In the intricate tapestry of pollination, bees often steal the spotlight, but there’s an intriguing secret waiting to be unveiled: the remarkable role of wasps as pollinators.
Beyond their reputation as pests, wasps possess surprising pollination powers that contribute to the delicate balance of ecosystems.
From their unique behaviors to their fascinating morphological adaptations, this article delves into the captivating world of how wasps pollinate in extraordinary ways, shedding light on their often-overlooked ecological significance.
Do wasps pollinate?
Yes, wasps can be effective pollinators for some plant species. While most wasp species do not play a role in pollination, a few can transport pollen and pollinate various plants, including the fig tree. Wasps belong to the same insect order as bees and ants.
The Role of Wasps as Pollinators
Wasps’ Role as Pollinators
Wasps play a crucial role in the process of pollination, contributing significantly to the reproduction and survival of numerous plant species.
While bees are commonly recognized as primary pollinators, wasps offer valuable supplementary pollination services.
As they forage for food, wasps inadvertently pick up and transfer pollen from flower to flower, aiding in the fertilization and production of seeds.
Their role as pollinators helps maintain biodiversity and the health of ecosystems.
Diversity of Wasp Species Involved in Pollination
The world of wasps encompasses a wide array of species, and many of them actively participate in pollination.
Various wasp families and subfamilies, such as paper wasps (Polistinae), solitary wasps (Sphecidae), and potter wasps (Vespidae: Eumeninae), contribute to the pollination process.
This diverse range of wasp species ensures the pollination of a broad spectrum of plants, including trees, shrubs, and flowering herbs.
Examples of Specific Wasp Species and Their Pollination Activities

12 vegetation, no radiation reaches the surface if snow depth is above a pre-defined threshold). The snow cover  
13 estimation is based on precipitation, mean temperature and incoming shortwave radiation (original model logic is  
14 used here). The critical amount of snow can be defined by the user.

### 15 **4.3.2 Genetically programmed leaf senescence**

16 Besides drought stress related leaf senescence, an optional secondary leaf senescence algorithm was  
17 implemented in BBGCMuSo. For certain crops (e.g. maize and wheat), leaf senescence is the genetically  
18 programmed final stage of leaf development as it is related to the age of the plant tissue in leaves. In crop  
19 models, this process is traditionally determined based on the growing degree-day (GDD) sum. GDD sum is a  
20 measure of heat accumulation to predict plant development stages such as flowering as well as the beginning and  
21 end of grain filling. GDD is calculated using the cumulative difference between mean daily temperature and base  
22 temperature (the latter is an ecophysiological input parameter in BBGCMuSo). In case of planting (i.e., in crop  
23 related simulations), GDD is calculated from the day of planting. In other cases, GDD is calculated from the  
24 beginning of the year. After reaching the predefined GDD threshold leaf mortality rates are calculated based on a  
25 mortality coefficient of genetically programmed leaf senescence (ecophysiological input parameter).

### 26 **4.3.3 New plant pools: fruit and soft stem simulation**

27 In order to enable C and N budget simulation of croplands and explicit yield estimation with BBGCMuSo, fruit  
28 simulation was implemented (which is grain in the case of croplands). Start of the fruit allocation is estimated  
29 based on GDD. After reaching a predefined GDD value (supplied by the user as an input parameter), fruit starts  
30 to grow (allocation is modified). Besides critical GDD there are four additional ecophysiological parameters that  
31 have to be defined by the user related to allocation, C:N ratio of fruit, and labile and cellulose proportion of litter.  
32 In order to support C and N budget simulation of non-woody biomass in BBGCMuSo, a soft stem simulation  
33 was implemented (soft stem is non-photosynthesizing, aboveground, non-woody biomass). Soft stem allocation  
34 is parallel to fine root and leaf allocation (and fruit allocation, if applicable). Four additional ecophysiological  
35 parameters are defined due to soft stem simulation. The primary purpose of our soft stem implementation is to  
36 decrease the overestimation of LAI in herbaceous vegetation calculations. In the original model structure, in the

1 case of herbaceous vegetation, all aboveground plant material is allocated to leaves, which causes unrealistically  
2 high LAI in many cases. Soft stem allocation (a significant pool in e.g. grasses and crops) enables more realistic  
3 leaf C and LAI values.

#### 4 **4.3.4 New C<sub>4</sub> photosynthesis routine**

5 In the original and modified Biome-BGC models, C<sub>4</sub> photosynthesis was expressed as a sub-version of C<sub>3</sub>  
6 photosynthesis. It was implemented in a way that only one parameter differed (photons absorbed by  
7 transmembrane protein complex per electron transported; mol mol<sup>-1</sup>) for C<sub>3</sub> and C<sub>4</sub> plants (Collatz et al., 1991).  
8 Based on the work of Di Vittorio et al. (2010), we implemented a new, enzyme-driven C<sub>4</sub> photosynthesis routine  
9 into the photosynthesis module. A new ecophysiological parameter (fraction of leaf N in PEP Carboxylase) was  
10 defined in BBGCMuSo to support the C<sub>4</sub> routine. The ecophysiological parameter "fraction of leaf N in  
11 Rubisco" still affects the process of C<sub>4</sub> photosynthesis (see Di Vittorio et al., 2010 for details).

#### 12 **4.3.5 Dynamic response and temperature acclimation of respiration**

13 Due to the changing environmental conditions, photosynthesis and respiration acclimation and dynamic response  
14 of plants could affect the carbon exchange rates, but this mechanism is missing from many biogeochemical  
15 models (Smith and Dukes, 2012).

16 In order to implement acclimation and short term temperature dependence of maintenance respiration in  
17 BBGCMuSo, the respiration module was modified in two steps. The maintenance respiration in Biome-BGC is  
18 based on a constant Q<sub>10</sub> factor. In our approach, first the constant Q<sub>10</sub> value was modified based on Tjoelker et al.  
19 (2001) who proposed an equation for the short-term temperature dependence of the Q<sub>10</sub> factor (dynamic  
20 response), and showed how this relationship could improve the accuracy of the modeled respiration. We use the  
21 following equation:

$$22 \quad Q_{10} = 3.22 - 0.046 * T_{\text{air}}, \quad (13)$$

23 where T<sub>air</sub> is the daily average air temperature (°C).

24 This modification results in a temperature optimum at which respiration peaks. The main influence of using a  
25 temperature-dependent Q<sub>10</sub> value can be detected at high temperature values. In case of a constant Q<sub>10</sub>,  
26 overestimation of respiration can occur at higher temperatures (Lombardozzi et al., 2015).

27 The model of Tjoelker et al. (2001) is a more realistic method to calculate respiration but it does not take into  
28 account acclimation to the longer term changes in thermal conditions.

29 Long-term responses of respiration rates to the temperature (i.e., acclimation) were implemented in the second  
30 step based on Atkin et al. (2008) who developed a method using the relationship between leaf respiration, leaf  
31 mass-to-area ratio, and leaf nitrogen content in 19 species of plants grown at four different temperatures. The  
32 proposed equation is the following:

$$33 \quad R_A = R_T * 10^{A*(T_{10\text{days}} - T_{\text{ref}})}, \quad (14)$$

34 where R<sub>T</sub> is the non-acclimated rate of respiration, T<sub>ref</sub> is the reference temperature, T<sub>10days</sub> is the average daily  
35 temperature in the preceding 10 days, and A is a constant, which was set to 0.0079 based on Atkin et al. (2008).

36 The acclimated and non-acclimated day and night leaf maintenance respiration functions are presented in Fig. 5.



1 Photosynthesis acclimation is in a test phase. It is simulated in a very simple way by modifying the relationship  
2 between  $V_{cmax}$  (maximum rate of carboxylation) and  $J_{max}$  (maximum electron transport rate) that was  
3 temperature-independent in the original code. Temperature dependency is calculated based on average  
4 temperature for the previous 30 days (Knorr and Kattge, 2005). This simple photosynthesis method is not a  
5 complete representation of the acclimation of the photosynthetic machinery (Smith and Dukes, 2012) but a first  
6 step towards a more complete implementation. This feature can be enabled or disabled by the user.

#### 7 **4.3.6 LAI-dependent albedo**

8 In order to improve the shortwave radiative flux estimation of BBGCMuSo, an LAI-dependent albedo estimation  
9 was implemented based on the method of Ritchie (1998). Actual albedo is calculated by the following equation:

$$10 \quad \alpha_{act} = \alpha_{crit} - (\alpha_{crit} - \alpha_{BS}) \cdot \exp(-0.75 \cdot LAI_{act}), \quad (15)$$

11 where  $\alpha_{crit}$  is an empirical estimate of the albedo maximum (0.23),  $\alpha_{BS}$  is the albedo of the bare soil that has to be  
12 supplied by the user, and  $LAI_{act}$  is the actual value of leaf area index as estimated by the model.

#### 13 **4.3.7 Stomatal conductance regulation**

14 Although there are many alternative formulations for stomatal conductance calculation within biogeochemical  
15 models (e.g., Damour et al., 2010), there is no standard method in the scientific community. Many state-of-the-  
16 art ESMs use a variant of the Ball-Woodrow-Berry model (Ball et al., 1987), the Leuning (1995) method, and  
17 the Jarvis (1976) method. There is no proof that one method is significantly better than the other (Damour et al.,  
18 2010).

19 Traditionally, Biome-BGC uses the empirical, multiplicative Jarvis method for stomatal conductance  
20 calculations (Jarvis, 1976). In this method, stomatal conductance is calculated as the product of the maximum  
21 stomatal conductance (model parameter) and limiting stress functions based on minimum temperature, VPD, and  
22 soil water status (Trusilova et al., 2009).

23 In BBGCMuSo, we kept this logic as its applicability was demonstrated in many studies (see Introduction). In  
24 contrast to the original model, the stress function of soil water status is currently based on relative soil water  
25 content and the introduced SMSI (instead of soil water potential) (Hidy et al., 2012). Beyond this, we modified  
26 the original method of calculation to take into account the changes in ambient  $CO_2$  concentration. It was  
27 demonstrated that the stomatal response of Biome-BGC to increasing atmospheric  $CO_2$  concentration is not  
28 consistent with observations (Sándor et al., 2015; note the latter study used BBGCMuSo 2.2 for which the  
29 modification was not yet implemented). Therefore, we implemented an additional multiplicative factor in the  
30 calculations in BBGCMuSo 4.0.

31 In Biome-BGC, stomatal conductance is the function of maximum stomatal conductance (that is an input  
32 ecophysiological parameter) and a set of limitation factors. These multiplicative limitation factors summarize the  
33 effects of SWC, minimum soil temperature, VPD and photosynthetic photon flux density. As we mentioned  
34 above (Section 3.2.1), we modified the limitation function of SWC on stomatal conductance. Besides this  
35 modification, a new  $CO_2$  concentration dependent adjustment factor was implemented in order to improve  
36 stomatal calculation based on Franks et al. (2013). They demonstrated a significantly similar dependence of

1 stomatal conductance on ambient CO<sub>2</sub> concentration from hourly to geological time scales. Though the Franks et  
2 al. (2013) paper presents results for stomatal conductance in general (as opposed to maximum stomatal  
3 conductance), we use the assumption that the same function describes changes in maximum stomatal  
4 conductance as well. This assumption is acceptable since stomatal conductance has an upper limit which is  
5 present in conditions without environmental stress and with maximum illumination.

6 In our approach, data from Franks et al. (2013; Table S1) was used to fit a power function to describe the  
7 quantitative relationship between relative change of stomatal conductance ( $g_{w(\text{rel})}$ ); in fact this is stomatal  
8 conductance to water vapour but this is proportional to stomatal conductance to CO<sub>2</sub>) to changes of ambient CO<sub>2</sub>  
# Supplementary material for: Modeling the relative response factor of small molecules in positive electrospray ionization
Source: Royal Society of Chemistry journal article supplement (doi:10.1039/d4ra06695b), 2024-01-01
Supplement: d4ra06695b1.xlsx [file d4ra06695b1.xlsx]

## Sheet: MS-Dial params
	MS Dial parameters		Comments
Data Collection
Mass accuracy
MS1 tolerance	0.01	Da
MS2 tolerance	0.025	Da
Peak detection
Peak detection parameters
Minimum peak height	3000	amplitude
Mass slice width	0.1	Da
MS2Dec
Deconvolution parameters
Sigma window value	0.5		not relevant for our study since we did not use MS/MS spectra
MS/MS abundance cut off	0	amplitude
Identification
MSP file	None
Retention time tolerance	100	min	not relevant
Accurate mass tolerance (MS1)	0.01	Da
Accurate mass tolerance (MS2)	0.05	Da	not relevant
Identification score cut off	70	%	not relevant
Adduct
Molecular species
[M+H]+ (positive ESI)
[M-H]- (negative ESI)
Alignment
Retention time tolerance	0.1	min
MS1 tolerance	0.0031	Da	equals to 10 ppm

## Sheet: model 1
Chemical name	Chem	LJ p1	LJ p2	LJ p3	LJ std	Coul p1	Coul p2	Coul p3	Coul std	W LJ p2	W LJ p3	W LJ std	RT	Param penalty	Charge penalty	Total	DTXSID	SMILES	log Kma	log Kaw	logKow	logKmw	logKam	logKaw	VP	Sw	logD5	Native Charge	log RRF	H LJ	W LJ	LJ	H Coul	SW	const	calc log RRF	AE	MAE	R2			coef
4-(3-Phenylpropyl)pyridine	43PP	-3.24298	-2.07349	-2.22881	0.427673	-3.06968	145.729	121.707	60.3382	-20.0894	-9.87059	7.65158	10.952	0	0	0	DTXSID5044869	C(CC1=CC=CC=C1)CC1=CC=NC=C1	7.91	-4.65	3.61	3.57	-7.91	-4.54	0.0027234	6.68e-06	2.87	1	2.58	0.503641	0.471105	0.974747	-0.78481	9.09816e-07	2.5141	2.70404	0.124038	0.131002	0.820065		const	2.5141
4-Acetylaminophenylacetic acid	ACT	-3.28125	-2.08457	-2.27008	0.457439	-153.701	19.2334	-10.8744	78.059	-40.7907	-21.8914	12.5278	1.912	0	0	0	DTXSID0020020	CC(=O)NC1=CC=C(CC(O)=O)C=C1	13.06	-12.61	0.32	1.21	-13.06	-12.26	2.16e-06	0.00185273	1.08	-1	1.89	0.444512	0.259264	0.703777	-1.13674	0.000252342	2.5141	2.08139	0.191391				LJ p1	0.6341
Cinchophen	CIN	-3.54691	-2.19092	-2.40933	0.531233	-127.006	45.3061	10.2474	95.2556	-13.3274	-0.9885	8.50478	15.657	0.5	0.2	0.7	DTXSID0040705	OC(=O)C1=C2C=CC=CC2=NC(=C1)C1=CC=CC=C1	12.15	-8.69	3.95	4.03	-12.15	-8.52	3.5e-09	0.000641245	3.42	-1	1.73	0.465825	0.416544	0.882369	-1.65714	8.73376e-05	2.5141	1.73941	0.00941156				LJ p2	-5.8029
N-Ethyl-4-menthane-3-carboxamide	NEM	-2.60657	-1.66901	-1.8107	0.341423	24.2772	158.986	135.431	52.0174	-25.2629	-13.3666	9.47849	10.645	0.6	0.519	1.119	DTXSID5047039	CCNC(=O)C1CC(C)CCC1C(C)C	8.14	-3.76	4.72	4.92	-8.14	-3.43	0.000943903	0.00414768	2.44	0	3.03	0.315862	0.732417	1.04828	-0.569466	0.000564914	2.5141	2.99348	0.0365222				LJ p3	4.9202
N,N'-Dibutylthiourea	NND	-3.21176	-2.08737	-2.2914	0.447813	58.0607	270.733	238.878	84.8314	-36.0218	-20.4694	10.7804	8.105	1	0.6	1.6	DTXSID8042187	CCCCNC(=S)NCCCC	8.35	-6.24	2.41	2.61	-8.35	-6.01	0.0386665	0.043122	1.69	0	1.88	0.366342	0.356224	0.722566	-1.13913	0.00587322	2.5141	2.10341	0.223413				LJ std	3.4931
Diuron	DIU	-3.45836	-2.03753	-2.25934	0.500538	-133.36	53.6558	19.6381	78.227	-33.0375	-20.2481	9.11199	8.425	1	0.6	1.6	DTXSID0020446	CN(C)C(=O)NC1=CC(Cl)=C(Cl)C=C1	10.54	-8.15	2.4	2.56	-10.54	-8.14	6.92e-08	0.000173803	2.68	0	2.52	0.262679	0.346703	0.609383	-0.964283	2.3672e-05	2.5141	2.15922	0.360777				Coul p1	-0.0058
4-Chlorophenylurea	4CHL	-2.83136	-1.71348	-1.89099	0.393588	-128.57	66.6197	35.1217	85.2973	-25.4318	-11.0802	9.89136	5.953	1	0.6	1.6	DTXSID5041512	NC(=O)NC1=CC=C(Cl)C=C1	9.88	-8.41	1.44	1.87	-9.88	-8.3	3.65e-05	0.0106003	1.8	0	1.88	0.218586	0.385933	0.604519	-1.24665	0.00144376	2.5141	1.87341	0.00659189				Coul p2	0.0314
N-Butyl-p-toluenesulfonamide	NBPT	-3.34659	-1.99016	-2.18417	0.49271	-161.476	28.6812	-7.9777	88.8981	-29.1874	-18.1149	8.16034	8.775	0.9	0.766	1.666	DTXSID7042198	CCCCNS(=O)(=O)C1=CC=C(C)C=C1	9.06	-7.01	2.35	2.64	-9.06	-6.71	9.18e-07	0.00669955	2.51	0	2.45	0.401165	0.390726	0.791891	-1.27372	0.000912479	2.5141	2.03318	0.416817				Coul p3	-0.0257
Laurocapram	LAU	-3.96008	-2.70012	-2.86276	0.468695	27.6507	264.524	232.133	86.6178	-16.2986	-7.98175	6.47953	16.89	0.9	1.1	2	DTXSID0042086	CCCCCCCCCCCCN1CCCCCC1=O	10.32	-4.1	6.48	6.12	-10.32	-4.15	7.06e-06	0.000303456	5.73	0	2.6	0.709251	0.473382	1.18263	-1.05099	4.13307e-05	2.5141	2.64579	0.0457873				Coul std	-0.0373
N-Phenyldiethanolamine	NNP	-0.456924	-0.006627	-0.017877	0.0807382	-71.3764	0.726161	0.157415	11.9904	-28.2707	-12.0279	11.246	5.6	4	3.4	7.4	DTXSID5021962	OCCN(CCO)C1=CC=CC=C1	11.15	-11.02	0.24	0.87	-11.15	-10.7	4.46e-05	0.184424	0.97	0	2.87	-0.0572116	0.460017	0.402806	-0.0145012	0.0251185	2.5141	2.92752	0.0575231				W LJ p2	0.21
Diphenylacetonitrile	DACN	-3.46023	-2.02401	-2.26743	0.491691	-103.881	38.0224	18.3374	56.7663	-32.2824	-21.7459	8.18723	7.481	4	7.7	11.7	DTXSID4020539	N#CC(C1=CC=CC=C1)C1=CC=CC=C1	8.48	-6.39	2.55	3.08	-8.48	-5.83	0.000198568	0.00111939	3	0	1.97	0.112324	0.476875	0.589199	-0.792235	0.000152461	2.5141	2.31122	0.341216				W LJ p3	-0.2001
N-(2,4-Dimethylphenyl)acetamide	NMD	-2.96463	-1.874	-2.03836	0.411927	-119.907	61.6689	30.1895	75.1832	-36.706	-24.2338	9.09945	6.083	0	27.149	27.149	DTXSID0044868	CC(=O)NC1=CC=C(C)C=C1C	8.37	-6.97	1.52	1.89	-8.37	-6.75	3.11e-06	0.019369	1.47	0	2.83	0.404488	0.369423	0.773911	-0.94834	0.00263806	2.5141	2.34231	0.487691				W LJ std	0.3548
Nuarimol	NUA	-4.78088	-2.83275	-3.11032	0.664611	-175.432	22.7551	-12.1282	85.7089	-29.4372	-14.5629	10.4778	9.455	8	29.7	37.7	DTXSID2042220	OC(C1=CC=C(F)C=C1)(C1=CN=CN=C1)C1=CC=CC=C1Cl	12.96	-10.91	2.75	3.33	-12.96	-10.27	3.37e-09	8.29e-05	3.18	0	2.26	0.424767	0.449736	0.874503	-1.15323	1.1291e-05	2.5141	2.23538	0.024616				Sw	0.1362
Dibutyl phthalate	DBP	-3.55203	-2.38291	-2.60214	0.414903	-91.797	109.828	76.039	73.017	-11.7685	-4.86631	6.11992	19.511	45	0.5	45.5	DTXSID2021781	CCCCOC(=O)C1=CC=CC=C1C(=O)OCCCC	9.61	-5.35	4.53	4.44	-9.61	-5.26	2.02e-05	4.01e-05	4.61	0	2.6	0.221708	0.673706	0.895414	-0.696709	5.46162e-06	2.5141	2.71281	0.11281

Fig wasps (family Agaonidae) exhibit a fascinating mutualistic relationship with fig trees.
Female fig wasps carry pollen from male flowers to female flowers, allowing for the fertilization of the figs.
In return, the wasps find a safe haven to lay their eggs within the figs, ensuring the survival of both the wasps and the fig tree.
Mason wasps (family Sphecidae) contribute to the pollination of various flowering plants by transferring pollen while searching for nectar and prey.
These solitary wasps construct nests using mud or other materials, provisioning them with paralyzed insects to serve as food for their larvae.
In the process, they inadvertently carry pollen from flower to flower, aiding in pollination.
Certain wasp species have evolved unique relationships with orchids.
For example, the female orchid dupe wasp (Lissopimpla excelsa) is enticed by the scent and appearance of the orchid flower, mistaking it for a potential mate.
As the wasp attempts to mate with the flower, it comes into contact with the flower’s pollen, facilitating pollination.
While not true wasps, sweat bees (family Halictidae) share similarities in their appearance and behavior.
They are essential pollinators, and some species, like the European sweat bee (Halictus scabiosae), play a role in pollinating a variety of plants, including sunflowers, herbs, and fruits.
How do Wasps Pollinate?
Wasps, often overshadowed by bees when it comes to pollination, have their own unique ways of contributing to the reproductive success of plants.
While they are primarily known for their predatory behavior and role as pest controllers, wasps inadvertently participate in pollination as they forage for food.
Let’s explore how wasps pollinate and the mechanisms involved in this process.
Wasps are opportunistic foragers, seeking out various food sources, including nectar, fruits, and insects.
As they visit flowers in search of nectar or prey, their bodies come into contact with the reproductive structures of the flowers, leading to the transfer of pollen.
This accidental contact plays a crucial role in pollination.
The physical characteristics of wasps contribute to their pollination abilities.
They possess hairy bodies, much like bees, which allows pollen grains to adhere to their bodies as they brush against the anthers (male parts) of flowers.